Animals Are Good Metaphors In Literature (Examples From Animals Are Good Metaphors In Literature (Examples From Animal Farm And Gulliver's Travels) Because we consider ourselves to be better or higher life forms than animals (especially pigs) showing them to be the same as or better than us is a good satirical tool for exposing human folly or for showing human behavior to be anomalistic. In animal farm George Orwell uses animals to represent specific people and also uses the tribulations of the animal society as a metaphor for the Russian revolution. Animals that are considered noble (such as horses) can also be used to proved lessons on how humans should behave. In Gulliver's Travels Jonathan Swift does the opposite, using a society of horses as a metaphor for idyllic morals, values, and as a lesson on how we, as people, should live our lives.

A number of the characters from the book Animal Farm by George Orwell represent actual historical figures from the time of the Russian revolution or represent the behaviors of various types or classes of people during this event. Orwell's book shows that animals in literature successfully represent people and therefore function as good metaphors. Mr. Jones symbolizes (in addition to the evils of capitalism) Czar Nicholas II, the leader of Russia before Stalin (Napoleon). Jones represents the old government, the last of the Czars. Orwell writes that "On a Midsummer's eve, which was Saturday, Mr.

Jones went into Willing don and got so drunk at the Red Lion that he did not come back till midday on Sunday. The men had milked the cows in the early morning and then gone out rabbiting, without bothering to feed the animals. When Mr. Jones got back he immediately went to sleep' (Orwell 17), within this quote Orwell shows how Jones runs the farm solely for profit without consideration for the animals condition. Czar Nicholas II treated the people within his country the same way Jones treated his animals, the Czar like Jones did not care for his people (in Jones' case animals) and only used them in order to improver as for himself. Old Major is the first major character described by Orwell in Animal Farm.

This "purebred' of pigs is the kind, grand fatherly philosopher of change an obvious metaphor for Karl Marx. Old Major says "And remember comrades, your resolution must never falter. No argument must lead you astray. Never listen when they tell you that man and the animals have a common interest, that the prosperity of the one is the prosperity of the others.

It is all lies. Man serves the interests of no creature except himself. And among us animals let there be perfect unity, perfect comradeship in the struggle, All men are enemies. All animals are comrades' (Orwell 10).

In this quote Orwell is making the connection between Karl Marx (the inventor of communism) and Old Major by having Old Major express the basis of Marx's Communist ideas. Moses represents Orwell's view of the Church. Orwell uses Moses to criticize Marx's belief that the Church will just go away after the rebellion. Jones first used Moses to keep the animals working, and he was successful in many ways before the rebellion.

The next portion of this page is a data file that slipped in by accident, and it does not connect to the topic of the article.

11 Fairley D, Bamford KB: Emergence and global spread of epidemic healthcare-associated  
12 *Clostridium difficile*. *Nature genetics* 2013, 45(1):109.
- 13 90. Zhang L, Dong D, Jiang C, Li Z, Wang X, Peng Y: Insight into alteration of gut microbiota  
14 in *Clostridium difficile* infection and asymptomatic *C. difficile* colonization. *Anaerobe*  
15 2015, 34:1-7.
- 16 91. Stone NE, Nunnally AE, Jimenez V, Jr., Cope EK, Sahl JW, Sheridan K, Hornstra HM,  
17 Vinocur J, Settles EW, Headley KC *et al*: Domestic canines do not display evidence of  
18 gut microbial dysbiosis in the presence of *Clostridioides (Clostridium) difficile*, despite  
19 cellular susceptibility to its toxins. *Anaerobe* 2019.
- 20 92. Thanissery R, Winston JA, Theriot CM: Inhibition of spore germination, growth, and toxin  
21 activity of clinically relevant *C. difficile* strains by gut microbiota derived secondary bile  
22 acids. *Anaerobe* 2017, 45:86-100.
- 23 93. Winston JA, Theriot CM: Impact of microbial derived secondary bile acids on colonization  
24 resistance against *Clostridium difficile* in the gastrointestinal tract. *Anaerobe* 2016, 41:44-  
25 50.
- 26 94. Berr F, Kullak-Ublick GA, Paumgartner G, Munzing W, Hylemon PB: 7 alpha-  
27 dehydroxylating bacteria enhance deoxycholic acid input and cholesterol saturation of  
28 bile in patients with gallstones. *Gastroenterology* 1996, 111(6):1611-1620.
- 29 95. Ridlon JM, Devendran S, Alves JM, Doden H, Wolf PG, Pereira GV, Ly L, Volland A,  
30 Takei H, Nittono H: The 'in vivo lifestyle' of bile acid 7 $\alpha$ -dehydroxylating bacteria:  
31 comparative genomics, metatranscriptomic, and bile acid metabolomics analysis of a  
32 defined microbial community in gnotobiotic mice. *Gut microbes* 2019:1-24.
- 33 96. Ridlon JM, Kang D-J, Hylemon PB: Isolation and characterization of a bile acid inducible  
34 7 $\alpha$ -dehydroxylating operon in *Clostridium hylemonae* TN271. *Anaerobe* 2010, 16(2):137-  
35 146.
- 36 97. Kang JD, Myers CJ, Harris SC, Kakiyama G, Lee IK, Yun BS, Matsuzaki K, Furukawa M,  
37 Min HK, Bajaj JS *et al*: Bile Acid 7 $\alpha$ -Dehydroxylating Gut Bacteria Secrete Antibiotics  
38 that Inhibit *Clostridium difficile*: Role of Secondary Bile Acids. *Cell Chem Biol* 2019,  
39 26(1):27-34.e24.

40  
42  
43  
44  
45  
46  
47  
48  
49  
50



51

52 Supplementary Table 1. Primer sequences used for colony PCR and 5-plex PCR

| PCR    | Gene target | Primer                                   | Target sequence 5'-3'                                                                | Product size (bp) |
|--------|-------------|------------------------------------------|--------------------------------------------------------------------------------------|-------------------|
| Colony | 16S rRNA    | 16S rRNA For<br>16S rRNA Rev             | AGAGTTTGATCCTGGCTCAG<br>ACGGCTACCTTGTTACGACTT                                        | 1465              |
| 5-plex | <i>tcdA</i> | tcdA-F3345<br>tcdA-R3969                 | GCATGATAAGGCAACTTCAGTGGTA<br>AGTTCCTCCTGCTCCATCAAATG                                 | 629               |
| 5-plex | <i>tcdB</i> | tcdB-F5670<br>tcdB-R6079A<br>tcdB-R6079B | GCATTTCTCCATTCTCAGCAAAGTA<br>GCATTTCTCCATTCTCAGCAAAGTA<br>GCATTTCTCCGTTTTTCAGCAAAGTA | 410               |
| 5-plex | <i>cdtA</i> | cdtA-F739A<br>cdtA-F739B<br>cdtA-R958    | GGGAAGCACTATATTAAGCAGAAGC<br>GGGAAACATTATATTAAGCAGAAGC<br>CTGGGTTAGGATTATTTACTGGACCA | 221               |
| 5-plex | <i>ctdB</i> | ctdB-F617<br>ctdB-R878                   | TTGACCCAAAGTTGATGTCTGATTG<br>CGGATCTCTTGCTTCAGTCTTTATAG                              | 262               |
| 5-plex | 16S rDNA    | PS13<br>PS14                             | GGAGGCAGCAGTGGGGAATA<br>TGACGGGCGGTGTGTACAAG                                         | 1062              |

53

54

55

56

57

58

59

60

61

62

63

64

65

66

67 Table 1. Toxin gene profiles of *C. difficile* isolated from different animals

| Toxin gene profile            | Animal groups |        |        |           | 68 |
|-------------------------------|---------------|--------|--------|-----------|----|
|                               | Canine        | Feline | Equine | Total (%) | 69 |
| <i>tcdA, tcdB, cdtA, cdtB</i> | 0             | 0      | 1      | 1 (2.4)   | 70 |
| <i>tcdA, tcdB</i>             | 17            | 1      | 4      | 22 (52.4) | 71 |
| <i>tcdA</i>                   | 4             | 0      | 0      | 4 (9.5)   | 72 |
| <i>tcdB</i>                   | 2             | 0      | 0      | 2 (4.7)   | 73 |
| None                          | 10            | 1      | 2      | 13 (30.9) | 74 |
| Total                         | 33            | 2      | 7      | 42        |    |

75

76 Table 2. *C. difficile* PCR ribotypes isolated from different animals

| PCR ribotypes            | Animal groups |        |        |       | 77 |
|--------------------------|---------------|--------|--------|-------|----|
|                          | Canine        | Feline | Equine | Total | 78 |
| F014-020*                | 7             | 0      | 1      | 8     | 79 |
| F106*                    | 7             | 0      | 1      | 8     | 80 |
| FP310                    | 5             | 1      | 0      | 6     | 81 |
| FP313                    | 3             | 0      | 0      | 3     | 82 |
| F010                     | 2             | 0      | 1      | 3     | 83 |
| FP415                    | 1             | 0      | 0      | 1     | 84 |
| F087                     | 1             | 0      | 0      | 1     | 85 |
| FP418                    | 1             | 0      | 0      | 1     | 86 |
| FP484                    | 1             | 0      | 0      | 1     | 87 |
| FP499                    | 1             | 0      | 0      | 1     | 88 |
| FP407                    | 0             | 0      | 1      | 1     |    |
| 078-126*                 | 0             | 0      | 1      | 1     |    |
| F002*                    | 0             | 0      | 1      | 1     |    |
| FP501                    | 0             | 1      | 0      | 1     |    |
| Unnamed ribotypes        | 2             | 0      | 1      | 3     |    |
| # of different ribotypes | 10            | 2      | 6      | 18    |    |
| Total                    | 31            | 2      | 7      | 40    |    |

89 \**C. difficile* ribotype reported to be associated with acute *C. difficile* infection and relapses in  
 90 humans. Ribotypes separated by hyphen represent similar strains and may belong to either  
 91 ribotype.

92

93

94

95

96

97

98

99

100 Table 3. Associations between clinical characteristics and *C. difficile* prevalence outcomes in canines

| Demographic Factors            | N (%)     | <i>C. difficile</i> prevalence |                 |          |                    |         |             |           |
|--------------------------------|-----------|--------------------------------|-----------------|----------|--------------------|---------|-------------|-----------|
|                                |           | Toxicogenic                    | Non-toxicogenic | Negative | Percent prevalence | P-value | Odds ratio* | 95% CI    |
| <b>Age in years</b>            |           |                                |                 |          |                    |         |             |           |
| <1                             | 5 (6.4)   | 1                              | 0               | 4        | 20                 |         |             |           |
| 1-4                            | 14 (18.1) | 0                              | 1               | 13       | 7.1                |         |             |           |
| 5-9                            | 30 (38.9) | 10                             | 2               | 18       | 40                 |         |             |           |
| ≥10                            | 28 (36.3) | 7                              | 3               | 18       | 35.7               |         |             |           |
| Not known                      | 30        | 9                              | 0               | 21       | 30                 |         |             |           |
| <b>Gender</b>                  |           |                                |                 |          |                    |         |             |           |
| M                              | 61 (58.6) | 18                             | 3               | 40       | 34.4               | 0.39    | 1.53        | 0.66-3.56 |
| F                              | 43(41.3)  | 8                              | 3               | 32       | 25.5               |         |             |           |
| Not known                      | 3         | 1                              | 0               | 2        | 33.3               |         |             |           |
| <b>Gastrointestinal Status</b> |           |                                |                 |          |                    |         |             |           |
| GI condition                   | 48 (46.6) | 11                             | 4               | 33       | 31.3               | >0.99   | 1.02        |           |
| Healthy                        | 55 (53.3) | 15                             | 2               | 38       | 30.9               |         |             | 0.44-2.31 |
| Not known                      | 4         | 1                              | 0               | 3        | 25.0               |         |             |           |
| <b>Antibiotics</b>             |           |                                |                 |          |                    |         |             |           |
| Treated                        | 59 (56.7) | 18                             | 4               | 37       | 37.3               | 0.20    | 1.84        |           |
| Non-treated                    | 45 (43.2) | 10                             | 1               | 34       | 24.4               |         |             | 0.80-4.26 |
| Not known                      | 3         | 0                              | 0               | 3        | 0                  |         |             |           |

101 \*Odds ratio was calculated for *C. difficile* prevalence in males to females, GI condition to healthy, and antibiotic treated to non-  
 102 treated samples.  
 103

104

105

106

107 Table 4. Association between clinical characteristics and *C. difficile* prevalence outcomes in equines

The pigs had great difficulty getting rid of Moses. "Moses, who was Mr. Jones's especial pet, was a spy and a tale-bearer, but he was also a clever talker. He claimed to know of the existence of a mysterious country called Sugarcandy Mountain, to which all animals went when they died.

It was situated somewhere up in the sky, a little distance beyond the clouds, Moses said. In Sugarcandy Mountain it was Sunday seven days a week, clover was in season all the year round, and lump sugar and linseed cake grew on the hedges. The animals hated Moses because he told tales and did no work but some of them believed in Sugarcandy Mountain, and the pigs had to argue very hard to persuade them that there was no such place.' (Orwell 15-16). This is similar to the difficulty communist leaders had ridding Russia of the church. George Orwell's Animal Farm is a political satire of a totalitarian society ruled by a mighty dictatorship, an allegory using animals as a metaphor for the events surrounding the Russian Revolution of 1917.

At the beginning of the book the prize white boar, Major points out to the assembled animals that no animal in England is free. He further explains that the products of their labor is stolen by man, who alone benefits. Man, in turn, gives back to the animals the bare minimum which will keep them from starvation while he profits from the rest. Man representing the aristocracy of Russia. The old boar tells them that the source of all their problems is man, and that they must remove man from their midst to abolish tyranny and hunger. Under the leadership of the pigs, the most intelligent of the animals, they rebel against their human master managing to overthrow him.